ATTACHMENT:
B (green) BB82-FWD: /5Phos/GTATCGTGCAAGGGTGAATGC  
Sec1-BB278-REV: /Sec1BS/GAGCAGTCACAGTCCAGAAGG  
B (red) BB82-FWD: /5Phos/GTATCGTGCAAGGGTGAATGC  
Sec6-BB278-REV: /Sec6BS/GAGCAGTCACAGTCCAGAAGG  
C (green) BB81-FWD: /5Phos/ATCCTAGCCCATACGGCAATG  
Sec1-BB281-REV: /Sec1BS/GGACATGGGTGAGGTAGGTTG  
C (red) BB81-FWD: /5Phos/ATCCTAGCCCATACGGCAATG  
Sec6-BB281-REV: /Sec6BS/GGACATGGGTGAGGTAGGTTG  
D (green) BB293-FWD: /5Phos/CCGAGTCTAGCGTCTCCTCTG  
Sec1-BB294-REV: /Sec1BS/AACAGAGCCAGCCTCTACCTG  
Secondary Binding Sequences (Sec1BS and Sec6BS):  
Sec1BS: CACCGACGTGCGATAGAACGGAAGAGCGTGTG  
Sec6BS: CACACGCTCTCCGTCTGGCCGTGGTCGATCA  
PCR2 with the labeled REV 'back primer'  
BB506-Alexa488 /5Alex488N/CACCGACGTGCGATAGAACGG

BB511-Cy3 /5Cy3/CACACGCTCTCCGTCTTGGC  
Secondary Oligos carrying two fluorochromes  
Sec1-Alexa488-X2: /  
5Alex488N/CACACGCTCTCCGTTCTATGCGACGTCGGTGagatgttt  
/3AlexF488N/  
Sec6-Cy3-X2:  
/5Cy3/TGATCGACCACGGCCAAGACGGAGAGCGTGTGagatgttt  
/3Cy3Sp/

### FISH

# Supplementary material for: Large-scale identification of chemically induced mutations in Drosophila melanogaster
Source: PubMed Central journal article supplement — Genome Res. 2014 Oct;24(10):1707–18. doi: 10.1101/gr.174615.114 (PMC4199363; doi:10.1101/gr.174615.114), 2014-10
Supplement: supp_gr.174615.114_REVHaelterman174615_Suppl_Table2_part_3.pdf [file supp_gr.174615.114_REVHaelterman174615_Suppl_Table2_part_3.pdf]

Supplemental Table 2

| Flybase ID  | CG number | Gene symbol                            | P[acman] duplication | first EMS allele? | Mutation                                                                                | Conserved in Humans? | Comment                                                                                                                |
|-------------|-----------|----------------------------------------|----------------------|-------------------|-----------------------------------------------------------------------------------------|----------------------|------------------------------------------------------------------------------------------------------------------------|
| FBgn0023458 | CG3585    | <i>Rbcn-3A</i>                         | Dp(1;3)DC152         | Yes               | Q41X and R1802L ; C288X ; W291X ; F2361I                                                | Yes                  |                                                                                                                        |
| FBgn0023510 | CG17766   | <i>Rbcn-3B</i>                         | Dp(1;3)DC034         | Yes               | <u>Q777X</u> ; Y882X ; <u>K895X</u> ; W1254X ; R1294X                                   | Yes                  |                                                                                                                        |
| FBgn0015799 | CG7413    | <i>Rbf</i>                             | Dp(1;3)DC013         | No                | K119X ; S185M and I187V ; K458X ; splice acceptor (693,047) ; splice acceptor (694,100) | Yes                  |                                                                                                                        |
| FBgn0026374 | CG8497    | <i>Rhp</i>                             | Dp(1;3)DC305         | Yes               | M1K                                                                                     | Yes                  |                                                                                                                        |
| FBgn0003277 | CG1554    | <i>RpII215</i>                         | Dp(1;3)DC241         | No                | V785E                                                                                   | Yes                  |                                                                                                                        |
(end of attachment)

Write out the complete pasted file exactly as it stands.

B (green) BB82-FWD: /5Phos/GTATCGTGCAAGGGTGAATGC  
Sec1-BB278-REV: /Sec1BS/GAGCAGTCACAGTCCAGAAGG  
B (red) BB82-FWD: /5Phos/GTATCGTGCAAGGGTGAATGC  
Sec6-BB278-REV: /Sec6BS/GAGCAGTCACAGTCCAGAAGG  
C (green) BB81-FWD: /5Phos/ATCCTAGCCCATACGGCAATG  
Sec1-BB281-REV: /Sec1BS/GGACATGGGTGAGGTAGGTTG  
C (red) BB81-FWD: /5Phos/ATCCTAGCCCATACGGCAATG  
Sec6-BB281-REV: /Sec6BS/GGACATGGGTGAGGTAGGTTG  
D (green) BB293-FWD: /5Phos/CCGAGTCTAGCGTCTCCTCTG  
Sec1-BB294-REV: /Sec1BS/AACAGAGCCAGCCTCTACCTG  
Secondary Binding Sequences (Sec1BS and Sec6BS):  
Sec1BS: CACCGACGTGCGATAGAACGGAAGAGCGTGTG  
Sec6BS: CACACGCTCTCCGTCTGGCCGTGGTCGATCA  
PCR2 with the labeled REV 'back primer'  
BB506-Alexa488 /5Alex488N/CACCGACGTGCGATAGAACGG

BB511-Cy3 /5Cy3/CACACGCTCTCCGTCTTGGC  
Secondary Oligos carrying two fluorochromes  
Sec1-Alexa488-X2: /  
5Alex488N/CACACGCTCTCCGTTCTATGCGACGTCGGTGagatgttt  
/3AlexF488N/  
Sec6-Cy3-X2:  
/5Cy3/TGATCGACCACGGCCAAGACGGAGAGCGTGTGagatgttt  
/3Cy3Sp/

### FISH

# Supplementary material for: Large-scale identification of chemically induced mutations in Drosophila melanogaster
Source: PubMed Central journal article supplement — Genome Res. 2014 Oct;24(10):1707–18. doi: 10.1101/gr.174615.114 (PMC4199363; doi:10.1101/gr.174615.114), 2014-10
Supplement: supp_gr.174615.114_REVHaelterman174615_Suppl_Table2_part_3.pdf [file supp_gr.174615.114_REVHaelterman174615_Suppl_Table2_part_3.pdf]

Supplemental Table 2

| Flybase ID  | CG number | Gene symbol                            | P[acman] duplication | first EMS allele? | Mutation                                                                                | Conserved in Humans? | Comment                                                                                                                |
|-------------|-----------|----------------------------------------|----------------------|-------------------|-----------------------------------------------------------------------------------------|----------------------|------------------------------------------------------------------------------------------------------------------------|
| FBgn0023458 | CG3585    | <i>Rbcn-3A</i>                         | Dp(1;3)DC152         | Yes               | Q41X and R1802L ; C288X ; W291X ; F2361I                                                | Yes                  |                                                                                                                        |
| FBgn0023510 | CG17766   | <i>Rbcn-3B</i>                         | Dp(1;3)DC034         | Yes               | <u>Q777X</u> ; Y882X ; <u>K895X</u> ; W1254X ; R1294X                                   | Yes                  |                                                                                                                        |
| FBgn0015799 | CG7413    | <i>Rbf</i>                             | Dp(1;3)DC013         | No                | K119X ; S185M and I187V ; K458X ; splice acceptor (693,047) ; splice acceptor (694,100) | Yes                  |                                                                                                                        |
| FBgn0026374 | CG8497    | <i>Rhp</i>                             | Dp(1;3)DC305         | Yes               | M1K                                                                                     | Yes                  |                                                                                                                        |
| FBgn0003277 | CG1554    | <i>RpII215</i>                         | Dp(1;3)DC241         | No                | V785E                                                                                   | Yes                  |                                                                                                                        |